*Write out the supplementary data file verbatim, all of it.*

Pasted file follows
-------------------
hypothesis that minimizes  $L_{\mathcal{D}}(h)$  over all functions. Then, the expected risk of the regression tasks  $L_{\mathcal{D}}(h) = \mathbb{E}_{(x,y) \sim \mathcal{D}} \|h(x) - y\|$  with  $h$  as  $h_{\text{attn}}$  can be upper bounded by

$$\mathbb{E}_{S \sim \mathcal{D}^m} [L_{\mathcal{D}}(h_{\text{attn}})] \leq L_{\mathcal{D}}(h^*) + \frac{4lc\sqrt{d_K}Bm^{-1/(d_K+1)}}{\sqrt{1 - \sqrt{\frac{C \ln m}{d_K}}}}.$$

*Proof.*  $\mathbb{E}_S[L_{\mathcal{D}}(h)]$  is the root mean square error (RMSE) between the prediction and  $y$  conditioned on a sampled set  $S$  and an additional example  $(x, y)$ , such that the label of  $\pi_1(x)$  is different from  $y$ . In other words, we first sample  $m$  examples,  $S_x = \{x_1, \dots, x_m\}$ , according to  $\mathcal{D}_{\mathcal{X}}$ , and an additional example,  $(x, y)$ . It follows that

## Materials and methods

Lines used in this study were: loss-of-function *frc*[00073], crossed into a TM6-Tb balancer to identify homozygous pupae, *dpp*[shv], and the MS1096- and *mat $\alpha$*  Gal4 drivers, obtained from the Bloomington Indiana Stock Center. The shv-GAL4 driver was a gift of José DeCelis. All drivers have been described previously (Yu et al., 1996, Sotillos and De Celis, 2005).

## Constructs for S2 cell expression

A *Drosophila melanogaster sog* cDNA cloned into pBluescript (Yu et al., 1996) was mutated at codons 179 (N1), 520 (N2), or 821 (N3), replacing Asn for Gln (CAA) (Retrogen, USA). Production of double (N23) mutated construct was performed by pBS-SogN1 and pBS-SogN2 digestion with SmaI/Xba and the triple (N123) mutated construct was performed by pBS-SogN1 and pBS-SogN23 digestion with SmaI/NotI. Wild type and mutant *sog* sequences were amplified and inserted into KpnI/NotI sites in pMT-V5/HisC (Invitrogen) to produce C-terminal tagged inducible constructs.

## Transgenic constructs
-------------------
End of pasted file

hypothesis that minimizes  $L_{\mathcal{D}}(h)$  over all functions. Then, the expected risk of the regression tasks  $L_{\mathcal{D}}(h) = \mathbb{E}_{(x,y) \sim \mathcal{D}} \|h(x) - y\|$  with  $h$  as  $h_{\text{attn}}$  can be upper bounded by

$$\mathbb{E}_{S \sim \mathcal{D}^m} [L_{\mathcal{D}}(h_{\text{attn}})] \leq L_{\mathcal{D}}(h^*) + \frac{4lc\sqrt{d_K}Bm^{-1/(d_K+1)}}{\sqrt{1 - \sqrt{\frac{C \ln m}{d_K}}}}.$$

*Proof.*  $\mathbb{E}_S[L_{\mathcal{D}}(h)]$  is the root mean square error (RMSE) between the prediction and  $y$  conditioned on a sampled set  $S$  and an additional example  $(x, y)$ , such that the label of  $\pi_1(x)$  is different from  $y$ . In other words, we first sample  $m$  examples,  $S_x = \{x_1, \dots, x_m\}$ , according to  $\mathcal{D}_{\mathcal{X}}$ , and an additional example,  $(x, y)$ . It follows that

## Materials and methods

Lines used in this study were: loss-of-function *frc*[00073], crossed into a TM6-Tb balancer to identify homozygous pupae, *dpp*[shv], and the MS1096- and *mat $\alpha$*  Gal4 drivers, obtained from the Bloomington Indiana Stock Center. The shv-GAL4 driver was a gift of José DeCelis. All drivers have been described previously (Yu et al., 1996, Sotillos and De Celis, 2005).

## Constructs for S2 cell expression

A *Drosophila melanogaster sog* cDNA cloned into pBluescript (Yu et al., 1996) was mutated at codons 179 (N1), 520 (N2), or 821 (N3), replacing Asn for Gln (CAA) (Retrogen, USA). Production of double (N23) mutated construct was performed by pBS-SogN1 and pBS-SogN2 digestion with SmaI/Xba and the triple (N123) mutated construct was performed by pBS-SogN1 and pBS-SogN23 digestion with SmaI/NotI. Wild type and mutant *sog* sequences were amplified and inserted into KpnI/NotI sites in pMT-V5/HisC (Invitrogen) to produce C-terminal tagged inducible constructs.

## Transgenic constructs